To be continued…

Agriculture as a metaphor for social change (part 2)

Wednesday, August 18th, 2010

In a previous post, I wondered if agriculture might be a better metaphor for social change than engineering.

Amy Sample Ward has a nice piece in SSIR about gardening vs. landscaping as metaphors for building communities online. That’s an interesting alternative. The way she describes landscaping sounds akin to what I’m getting at with engineering, the idea that there’s a pre-determined schema that’s being implemented. And of course the term “social engineering” is one that’s used to express skepticism about trying to intentionally shape social outcomes (like, through government).

So, gardening, landscaping, and agriculture. Agriculture is gardening writ large, tied to a purpose beyond an individual family or community. It’s also a livelihood: people are professional landscapers or farmers, but gardening is usually a hobby. (Right?) Agriculture requires inputs and technology, and it’s connected to a supply chain. Hmm, starting to sound more like engineering. But there’s something inherently unpredictable that, while it’s present in engineering because complex systems have their own dynamics that we can’t always understand, sets agriculture apart. Also, the cyclical nature of the growing cycle and the idea of crop rotation and soil management I think are powerful metaphors for what it takes to cultivate (hey, guess where that word comes from) social change.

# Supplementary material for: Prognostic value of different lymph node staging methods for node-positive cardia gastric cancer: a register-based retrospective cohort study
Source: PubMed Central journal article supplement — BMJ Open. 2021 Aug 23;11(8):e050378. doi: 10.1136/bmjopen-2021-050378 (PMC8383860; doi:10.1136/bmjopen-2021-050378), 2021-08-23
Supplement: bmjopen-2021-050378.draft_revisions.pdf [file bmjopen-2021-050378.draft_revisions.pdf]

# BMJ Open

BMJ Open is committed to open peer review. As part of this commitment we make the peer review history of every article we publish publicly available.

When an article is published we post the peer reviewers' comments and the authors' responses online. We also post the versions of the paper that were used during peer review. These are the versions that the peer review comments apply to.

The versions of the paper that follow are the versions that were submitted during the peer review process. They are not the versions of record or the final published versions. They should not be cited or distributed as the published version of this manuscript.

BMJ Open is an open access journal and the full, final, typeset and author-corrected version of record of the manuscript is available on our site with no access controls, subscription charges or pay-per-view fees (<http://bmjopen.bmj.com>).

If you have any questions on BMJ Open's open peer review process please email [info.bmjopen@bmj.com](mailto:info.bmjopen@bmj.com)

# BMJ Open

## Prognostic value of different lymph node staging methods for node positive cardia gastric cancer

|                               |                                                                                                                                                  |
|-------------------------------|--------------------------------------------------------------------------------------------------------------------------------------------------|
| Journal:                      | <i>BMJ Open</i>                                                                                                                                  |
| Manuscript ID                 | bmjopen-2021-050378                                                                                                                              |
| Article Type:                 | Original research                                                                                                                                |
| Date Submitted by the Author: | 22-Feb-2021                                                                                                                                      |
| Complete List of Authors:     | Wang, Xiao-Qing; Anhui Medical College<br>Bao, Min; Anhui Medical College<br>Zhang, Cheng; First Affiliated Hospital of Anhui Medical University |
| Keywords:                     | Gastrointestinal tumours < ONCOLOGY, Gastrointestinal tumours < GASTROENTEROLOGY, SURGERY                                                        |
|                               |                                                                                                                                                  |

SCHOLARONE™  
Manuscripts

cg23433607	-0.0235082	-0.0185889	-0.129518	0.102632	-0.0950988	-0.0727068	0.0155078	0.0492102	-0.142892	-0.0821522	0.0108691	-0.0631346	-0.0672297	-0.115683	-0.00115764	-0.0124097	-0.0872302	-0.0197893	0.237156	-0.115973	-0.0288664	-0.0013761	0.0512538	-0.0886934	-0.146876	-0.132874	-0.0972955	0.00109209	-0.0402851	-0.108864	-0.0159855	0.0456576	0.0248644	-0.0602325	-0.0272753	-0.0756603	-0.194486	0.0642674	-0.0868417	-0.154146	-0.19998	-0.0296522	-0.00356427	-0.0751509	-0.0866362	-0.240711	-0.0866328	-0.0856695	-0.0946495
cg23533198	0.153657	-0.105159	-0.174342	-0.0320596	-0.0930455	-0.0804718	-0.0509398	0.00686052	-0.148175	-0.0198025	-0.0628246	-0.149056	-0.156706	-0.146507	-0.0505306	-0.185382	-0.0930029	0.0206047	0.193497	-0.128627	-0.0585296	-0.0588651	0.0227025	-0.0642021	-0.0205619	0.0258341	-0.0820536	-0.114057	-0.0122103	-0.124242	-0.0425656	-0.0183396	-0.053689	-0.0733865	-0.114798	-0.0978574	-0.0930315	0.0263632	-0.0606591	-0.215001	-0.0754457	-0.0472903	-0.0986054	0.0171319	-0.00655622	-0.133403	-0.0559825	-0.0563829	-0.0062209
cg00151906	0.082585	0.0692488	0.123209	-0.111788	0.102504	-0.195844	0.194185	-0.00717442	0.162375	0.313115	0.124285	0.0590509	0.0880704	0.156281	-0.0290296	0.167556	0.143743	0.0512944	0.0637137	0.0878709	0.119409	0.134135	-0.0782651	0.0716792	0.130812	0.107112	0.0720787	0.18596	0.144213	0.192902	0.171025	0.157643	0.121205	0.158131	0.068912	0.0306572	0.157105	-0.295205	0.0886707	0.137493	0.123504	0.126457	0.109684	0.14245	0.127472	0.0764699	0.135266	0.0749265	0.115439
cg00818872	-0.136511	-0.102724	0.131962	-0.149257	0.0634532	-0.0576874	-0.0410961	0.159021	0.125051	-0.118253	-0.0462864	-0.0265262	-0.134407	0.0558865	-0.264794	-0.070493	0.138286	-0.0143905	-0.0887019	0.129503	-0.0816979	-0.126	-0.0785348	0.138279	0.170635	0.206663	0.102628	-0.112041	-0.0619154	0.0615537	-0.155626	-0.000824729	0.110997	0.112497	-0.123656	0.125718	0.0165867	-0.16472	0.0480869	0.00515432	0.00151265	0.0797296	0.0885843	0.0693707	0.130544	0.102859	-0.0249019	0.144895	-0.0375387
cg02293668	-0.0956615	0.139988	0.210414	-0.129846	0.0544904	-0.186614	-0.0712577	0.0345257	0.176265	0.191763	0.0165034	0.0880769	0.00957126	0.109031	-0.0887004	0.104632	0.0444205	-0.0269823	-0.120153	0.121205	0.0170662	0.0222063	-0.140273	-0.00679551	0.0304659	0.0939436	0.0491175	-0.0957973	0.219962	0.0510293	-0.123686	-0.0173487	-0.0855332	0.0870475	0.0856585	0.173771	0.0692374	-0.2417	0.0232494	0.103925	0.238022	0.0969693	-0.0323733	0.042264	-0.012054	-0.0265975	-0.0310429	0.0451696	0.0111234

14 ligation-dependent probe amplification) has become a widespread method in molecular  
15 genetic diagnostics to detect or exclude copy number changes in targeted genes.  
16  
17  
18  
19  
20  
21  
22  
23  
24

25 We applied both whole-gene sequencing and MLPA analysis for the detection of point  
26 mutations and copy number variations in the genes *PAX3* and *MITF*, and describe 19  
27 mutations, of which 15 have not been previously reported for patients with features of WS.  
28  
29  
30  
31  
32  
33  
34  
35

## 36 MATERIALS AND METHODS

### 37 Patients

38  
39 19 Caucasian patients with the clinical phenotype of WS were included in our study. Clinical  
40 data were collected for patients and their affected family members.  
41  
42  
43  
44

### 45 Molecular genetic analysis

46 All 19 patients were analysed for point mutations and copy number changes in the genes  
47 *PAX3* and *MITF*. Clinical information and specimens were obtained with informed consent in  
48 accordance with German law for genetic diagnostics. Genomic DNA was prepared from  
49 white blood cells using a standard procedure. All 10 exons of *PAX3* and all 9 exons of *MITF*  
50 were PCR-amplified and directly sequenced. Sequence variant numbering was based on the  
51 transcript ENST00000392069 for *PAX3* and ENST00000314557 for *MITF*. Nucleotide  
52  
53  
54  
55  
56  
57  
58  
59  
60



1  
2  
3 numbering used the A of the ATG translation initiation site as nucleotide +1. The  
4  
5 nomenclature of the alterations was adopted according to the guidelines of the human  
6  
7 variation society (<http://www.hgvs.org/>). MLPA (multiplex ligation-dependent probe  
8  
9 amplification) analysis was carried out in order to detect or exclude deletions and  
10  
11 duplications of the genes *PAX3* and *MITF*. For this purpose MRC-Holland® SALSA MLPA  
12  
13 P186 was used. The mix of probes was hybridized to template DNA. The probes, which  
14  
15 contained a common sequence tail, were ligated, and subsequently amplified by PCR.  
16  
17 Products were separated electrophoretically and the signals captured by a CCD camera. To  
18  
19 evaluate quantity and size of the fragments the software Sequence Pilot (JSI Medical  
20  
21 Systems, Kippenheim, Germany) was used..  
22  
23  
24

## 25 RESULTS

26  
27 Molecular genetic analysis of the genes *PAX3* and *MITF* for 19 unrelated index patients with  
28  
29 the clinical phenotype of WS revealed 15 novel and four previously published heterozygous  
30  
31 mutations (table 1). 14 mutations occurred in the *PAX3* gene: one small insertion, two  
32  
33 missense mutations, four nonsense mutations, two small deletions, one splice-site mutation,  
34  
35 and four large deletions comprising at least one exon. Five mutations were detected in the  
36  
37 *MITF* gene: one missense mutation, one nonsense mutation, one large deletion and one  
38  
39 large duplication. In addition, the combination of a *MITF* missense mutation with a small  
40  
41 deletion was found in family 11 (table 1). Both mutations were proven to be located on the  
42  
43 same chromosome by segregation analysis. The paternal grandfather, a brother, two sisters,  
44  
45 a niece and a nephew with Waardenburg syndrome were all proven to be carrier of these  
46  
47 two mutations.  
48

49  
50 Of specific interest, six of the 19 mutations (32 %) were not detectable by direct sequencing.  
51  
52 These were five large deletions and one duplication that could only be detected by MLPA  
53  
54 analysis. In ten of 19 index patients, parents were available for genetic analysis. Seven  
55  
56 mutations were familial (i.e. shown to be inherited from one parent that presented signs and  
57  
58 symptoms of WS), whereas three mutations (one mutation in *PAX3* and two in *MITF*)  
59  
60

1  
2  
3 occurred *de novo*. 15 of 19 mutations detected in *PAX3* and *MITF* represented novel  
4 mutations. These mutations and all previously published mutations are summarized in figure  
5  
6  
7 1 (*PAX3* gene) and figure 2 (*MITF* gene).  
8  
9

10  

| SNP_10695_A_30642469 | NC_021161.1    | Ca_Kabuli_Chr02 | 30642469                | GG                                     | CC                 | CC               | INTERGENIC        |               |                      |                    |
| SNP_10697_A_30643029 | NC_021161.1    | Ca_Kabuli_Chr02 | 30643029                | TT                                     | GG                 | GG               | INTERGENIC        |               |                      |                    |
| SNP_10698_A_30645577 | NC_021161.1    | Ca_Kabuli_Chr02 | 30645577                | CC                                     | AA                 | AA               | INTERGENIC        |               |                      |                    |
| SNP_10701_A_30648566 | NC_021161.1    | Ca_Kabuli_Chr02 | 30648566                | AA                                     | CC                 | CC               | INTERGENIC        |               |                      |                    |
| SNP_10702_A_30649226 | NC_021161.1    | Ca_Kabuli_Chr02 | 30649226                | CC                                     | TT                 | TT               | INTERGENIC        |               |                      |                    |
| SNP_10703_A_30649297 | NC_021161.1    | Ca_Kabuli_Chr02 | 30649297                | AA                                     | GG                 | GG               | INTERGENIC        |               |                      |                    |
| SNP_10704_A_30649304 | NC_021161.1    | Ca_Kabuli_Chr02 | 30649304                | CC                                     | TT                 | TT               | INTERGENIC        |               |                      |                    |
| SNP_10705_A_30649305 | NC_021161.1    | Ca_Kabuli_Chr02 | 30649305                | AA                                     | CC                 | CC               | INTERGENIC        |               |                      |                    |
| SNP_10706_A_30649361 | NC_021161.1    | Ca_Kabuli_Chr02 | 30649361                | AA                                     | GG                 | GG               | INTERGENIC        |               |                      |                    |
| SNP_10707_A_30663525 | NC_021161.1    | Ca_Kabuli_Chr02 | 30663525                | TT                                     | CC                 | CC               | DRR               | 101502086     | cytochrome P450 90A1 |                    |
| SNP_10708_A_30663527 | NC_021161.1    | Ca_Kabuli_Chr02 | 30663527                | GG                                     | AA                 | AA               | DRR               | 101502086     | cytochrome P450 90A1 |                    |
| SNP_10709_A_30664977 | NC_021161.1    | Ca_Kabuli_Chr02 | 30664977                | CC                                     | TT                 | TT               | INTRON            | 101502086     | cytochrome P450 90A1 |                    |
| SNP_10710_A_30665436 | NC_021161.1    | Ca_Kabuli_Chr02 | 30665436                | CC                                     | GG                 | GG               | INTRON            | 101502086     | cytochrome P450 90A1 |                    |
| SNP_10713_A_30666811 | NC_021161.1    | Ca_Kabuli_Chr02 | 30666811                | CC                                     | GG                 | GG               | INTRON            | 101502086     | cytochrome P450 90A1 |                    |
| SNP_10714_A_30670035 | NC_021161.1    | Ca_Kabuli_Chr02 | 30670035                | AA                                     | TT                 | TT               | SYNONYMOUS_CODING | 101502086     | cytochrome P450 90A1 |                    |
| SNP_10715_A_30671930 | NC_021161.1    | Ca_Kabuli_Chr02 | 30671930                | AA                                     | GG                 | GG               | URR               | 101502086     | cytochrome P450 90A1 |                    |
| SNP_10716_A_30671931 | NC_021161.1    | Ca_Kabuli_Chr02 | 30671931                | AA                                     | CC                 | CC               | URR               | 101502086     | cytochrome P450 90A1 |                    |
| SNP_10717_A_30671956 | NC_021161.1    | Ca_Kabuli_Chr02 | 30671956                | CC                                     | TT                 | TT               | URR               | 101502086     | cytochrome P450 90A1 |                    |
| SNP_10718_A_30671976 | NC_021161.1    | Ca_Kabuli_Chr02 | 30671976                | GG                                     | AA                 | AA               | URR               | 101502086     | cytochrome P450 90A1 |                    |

It’s funny, because agriculture isn’t really about change, it’s about constancy and regular renewal. Cyclical, not linear. Is agriculture an inherently conservative metaphor – not progressive because it goes around in a cycle rather than moving forward? Is agriculture a better metaphor for social continuity than social change?

And of course, there’s always the possibility that I’m making a mountain out of a molehill. But I suspect not.

CIVETS (part 2)

Tuesday, August 17th, 2010

Previously, as a way of exploring the first of my two questions, “What is the role of philanthropy in a democratic society?”, I wondered what philanthropy looks like in the CIVETS, the developing economies recently labeled by a financial analyst at HSBC as ones to watch in the years ahead: Colombia, Indonesia, Vietnam, Egypt, Turkey, and South Africa.